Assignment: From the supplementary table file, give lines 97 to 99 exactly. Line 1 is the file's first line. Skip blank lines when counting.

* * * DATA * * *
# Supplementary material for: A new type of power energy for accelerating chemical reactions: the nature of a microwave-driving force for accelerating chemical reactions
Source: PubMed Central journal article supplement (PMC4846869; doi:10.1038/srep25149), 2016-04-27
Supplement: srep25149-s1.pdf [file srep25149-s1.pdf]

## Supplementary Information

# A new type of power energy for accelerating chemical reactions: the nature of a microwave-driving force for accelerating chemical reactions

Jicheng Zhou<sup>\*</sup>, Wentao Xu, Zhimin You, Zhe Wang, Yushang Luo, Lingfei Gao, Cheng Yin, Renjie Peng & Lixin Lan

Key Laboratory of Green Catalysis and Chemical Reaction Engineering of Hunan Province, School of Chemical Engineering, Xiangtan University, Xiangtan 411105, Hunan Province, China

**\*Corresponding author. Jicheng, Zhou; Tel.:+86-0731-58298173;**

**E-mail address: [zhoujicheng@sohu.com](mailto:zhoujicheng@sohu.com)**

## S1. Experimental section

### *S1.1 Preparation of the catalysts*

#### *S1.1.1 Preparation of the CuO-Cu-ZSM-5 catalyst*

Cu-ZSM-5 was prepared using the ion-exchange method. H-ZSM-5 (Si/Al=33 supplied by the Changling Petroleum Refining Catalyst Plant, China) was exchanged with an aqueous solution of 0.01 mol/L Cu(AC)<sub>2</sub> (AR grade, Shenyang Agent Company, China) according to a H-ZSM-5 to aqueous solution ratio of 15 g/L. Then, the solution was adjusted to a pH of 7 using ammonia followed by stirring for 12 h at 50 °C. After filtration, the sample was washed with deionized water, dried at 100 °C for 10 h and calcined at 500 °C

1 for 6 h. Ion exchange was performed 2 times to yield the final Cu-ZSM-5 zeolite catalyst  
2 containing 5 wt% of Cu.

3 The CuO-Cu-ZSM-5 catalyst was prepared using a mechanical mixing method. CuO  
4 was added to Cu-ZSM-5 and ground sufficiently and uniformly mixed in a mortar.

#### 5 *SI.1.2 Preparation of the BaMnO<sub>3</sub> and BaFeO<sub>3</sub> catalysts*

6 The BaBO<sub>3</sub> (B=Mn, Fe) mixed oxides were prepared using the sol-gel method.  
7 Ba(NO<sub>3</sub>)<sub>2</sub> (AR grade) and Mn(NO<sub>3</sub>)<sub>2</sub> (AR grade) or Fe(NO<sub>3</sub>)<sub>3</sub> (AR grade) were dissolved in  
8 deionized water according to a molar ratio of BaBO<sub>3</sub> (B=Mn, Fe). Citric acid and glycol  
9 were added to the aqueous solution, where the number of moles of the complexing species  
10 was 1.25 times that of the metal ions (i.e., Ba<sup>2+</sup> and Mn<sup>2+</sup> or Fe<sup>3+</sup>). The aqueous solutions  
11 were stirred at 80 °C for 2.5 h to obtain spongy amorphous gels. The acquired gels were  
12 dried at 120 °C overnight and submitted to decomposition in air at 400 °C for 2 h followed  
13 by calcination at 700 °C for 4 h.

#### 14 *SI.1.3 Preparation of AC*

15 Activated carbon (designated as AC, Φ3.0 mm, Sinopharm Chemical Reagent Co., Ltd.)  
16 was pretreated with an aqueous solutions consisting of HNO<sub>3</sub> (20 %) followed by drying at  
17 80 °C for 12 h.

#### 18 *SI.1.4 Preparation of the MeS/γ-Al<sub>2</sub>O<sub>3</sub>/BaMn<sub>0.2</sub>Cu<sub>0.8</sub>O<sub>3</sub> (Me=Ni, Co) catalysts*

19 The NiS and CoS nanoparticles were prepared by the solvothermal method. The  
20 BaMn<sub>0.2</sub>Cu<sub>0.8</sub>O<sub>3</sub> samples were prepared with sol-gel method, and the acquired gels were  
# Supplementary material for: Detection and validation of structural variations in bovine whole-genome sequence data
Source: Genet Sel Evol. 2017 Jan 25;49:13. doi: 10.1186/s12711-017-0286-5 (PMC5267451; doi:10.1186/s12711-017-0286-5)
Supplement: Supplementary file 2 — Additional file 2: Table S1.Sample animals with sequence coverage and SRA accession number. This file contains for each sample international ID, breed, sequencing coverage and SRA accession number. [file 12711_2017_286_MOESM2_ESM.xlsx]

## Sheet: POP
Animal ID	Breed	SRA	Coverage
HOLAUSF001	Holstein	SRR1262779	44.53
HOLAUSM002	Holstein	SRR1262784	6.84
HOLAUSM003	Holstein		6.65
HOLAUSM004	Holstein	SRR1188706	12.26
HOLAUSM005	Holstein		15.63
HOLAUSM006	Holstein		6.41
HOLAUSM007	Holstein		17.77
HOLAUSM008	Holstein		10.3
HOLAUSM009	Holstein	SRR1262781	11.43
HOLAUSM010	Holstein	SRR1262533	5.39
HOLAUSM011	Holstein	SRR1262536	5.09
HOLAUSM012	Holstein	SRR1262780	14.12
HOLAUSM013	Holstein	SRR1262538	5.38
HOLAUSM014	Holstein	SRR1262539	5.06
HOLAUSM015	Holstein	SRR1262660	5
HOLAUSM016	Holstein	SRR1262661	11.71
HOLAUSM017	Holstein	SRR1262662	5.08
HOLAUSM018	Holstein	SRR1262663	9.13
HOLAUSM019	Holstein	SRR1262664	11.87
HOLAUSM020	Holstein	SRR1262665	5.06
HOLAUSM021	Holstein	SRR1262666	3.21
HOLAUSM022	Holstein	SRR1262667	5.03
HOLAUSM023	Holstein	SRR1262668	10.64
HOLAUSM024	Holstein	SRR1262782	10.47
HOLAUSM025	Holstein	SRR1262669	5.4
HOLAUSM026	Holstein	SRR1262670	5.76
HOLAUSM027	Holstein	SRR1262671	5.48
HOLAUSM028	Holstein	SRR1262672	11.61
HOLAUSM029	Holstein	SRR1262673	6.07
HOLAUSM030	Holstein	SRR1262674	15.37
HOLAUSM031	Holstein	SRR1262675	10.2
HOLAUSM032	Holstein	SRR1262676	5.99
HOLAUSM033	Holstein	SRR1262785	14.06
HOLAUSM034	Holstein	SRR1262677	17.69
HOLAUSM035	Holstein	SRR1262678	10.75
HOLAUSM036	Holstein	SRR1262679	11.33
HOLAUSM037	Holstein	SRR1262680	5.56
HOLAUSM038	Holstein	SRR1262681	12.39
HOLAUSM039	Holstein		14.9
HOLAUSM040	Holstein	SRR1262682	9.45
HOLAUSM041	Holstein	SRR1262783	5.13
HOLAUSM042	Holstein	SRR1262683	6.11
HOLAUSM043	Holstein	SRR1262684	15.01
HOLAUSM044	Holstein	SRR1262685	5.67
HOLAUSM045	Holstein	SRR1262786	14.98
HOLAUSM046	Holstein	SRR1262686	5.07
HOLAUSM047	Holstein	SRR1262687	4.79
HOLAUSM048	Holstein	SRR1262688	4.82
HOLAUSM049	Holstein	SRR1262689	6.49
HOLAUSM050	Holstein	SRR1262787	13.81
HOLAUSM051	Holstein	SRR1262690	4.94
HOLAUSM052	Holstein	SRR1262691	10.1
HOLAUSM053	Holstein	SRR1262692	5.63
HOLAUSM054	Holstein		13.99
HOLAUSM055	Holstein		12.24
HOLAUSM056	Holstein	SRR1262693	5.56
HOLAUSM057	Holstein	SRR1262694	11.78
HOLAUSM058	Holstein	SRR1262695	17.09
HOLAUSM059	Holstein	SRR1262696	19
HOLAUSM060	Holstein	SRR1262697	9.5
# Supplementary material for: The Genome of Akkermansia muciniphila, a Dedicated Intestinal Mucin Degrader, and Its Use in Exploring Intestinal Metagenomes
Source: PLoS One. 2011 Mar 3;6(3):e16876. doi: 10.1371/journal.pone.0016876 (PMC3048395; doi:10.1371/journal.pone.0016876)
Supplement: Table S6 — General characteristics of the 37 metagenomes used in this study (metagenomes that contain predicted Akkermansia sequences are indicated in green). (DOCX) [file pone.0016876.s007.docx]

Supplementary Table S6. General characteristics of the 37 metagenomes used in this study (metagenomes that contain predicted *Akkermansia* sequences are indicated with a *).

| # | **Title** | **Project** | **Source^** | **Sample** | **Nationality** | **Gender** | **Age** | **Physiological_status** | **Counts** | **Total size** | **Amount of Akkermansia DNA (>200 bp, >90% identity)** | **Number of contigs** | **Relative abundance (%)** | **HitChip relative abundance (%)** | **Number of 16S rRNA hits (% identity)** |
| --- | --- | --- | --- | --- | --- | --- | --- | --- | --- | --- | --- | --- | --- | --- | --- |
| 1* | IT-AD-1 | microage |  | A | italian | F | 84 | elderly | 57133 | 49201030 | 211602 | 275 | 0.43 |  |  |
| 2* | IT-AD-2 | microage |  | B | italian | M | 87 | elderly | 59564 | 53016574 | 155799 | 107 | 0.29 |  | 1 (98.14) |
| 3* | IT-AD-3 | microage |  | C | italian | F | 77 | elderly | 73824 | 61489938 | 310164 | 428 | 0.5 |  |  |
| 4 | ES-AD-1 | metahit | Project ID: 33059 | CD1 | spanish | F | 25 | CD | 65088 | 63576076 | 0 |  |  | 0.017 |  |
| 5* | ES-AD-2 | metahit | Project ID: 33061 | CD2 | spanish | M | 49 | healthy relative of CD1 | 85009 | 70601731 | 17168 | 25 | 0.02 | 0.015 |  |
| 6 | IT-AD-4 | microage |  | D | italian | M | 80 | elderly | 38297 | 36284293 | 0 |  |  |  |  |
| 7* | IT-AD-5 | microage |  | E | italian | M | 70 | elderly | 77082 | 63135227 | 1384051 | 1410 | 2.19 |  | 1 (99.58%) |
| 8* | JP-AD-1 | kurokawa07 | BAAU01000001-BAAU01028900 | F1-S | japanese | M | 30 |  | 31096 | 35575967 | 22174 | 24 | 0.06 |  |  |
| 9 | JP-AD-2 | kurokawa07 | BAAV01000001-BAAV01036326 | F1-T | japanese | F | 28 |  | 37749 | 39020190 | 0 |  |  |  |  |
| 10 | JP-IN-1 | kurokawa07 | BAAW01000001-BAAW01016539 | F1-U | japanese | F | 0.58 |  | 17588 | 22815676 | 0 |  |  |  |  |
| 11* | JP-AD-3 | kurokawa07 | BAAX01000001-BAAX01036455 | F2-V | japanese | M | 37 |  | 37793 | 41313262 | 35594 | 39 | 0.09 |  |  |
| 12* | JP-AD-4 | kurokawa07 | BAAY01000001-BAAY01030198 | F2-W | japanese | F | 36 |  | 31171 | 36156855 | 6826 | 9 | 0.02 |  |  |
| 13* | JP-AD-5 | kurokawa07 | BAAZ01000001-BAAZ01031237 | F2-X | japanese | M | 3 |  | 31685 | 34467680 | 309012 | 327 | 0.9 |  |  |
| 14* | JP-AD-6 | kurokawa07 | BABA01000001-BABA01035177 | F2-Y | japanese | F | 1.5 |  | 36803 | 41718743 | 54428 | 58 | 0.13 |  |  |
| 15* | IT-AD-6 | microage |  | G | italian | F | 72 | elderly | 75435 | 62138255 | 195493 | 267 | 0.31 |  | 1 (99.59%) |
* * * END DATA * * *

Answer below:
HOLAUSM059	Holstein	SRR1262696	19
HOLAUSM060	Holstein	SRR1262697	9.5
# Supplementary material for: The Genome of Akkermansia muciniphila, a Dedicated Intestinal Mucin Degrader, and Its Use in Exploring Intestinal Metagenomes